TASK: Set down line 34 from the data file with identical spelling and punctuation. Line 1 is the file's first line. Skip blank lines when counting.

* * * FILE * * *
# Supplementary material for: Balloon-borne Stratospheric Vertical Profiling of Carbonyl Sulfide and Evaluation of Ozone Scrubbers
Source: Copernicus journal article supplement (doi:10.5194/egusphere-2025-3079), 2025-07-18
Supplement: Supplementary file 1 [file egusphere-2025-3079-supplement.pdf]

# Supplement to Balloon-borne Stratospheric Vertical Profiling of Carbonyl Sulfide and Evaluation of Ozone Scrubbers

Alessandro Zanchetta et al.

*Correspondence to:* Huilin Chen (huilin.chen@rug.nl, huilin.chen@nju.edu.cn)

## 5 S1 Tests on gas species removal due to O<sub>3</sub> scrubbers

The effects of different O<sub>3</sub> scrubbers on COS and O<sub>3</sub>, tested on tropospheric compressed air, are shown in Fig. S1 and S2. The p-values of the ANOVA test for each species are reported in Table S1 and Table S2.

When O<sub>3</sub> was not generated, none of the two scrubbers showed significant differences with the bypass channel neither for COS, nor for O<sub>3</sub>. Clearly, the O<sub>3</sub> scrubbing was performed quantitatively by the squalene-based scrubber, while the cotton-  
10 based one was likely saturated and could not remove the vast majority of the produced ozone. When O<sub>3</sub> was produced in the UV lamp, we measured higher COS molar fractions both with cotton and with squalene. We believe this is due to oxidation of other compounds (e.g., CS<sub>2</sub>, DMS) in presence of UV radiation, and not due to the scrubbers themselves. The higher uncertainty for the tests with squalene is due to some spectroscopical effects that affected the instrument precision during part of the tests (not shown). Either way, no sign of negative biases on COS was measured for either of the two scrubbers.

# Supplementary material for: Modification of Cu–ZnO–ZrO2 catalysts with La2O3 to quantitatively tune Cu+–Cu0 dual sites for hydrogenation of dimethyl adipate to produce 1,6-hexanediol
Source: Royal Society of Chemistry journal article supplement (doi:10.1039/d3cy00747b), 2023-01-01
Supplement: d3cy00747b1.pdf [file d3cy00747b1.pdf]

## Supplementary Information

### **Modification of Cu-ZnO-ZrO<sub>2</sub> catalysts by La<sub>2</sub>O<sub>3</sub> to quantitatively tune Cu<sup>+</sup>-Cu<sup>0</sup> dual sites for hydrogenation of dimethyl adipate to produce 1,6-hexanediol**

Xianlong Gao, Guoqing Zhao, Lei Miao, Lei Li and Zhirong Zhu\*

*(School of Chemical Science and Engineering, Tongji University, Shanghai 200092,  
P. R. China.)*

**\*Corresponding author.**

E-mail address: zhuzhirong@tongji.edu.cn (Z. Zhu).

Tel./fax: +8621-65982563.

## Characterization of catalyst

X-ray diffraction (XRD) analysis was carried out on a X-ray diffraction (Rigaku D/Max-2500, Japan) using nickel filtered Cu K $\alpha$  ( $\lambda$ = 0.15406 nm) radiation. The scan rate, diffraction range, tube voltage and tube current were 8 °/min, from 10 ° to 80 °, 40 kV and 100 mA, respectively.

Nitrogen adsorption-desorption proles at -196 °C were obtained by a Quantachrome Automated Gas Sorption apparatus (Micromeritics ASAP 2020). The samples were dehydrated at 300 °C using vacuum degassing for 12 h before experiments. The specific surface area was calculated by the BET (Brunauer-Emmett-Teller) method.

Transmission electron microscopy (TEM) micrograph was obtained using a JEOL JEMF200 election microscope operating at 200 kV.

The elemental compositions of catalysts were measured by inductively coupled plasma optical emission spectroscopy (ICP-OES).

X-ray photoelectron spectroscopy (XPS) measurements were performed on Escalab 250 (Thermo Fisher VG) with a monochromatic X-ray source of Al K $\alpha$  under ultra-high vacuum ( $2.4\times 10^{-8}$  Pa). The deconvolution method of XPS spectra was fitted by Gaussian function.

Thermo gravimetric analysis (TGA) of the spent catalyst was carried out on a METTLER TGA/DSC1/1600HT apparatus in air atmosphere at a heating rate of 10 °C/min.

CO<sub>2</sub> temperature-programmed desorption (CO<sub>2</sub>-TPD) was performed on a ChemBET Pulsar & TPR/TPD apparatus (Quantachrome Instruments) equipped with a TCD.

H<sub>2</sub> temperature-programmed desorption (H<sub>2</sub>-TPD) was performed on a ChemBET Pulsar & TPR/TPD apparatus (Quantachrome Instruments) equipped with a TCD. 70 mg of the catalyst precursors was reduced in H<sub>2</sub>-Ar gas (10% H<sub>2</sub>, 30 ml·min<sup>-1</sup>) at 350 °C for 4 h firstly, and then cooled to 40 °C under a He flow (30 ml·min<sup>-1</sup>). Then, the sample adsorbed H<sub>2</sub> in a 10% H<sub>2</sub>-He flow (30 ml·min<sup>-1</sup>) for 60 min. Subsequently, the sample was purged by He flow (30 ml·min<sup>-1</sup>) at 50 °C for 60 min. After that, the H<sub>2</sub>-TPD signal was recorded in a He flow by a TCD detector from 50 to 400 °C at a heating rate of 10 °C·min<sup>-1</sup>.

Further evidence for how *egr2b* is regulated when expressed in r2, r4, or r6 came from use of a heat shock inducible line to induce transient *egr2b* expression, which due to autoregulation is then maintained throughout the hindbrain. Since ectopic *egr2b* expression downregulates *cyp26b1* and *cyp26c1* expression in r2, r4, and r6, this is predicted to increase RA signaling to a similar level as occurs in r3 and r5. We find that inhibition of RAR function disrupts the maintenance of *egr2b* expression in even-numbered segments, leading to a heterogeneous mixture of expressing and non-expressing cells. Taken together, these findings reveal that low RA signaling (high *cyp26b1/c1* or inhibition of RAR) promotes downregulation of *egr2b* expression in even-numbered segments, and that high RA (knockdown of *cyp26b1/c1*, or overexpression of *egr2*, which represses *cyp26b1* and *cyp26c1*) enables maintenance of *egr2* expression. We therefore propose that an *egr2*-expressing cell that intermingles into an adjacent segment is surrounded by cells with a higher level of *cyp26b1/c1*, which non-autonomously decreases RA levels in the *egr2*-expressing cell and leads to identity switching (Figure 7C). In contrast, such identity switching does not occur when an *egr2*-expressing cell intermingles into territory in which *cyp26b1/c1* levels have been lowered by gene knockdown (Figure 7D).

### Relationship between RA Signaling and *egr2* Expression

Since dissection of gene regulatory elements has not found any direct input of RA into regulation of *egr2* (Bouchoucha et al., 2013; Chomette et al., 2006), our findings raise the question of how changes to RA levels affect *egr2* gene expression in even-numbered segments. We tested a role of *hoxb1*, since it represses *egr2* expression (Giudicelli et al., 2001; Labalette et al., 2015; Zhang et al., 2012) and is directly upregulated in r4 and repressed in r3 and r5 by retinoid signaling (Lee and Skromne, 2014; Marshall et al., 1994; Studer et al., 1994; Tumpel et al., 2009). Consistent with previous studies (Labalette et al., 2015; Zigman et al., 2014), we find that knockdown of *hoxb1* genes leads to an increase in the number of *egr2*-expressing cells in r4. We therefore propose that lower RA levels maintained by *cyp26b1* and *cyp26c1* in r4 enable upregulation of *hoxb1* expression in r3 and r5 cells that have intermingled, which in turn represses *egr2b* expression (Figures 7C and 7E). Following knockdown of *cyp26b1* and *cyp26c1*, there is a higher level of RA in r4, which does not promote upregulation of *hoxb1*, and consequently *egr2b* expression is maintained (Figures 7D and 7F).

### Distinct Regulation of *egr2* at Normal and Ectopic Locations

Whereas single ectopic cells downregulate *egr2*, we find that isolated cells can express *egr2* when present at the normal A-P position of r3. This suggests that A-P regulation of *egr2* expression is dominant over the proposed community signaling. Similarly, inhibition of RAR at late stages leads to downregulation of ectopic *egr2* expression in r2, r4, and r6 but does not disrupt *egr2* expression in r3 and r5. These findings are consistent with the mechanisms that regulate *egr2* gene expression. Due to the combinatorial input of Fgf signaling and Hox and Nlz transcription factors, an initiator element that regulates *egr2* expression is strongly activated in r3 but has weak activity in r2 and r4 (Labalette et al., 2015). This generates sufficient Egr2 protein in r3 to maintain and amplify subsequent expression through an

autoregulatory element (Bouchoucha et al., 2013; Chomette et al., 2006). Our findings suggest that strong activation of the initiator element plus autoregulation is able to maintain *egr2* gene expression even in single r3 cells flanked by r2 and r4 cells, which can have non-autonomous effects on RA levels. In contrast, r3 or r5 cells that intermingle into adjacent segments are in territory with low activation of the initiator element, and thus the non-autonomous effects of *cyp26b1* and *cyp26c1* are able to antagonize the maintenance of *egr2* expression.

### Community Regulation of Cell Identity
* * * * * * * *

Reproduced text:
### Distinct Regulation of *egr2* at Normal and Ectopic Locations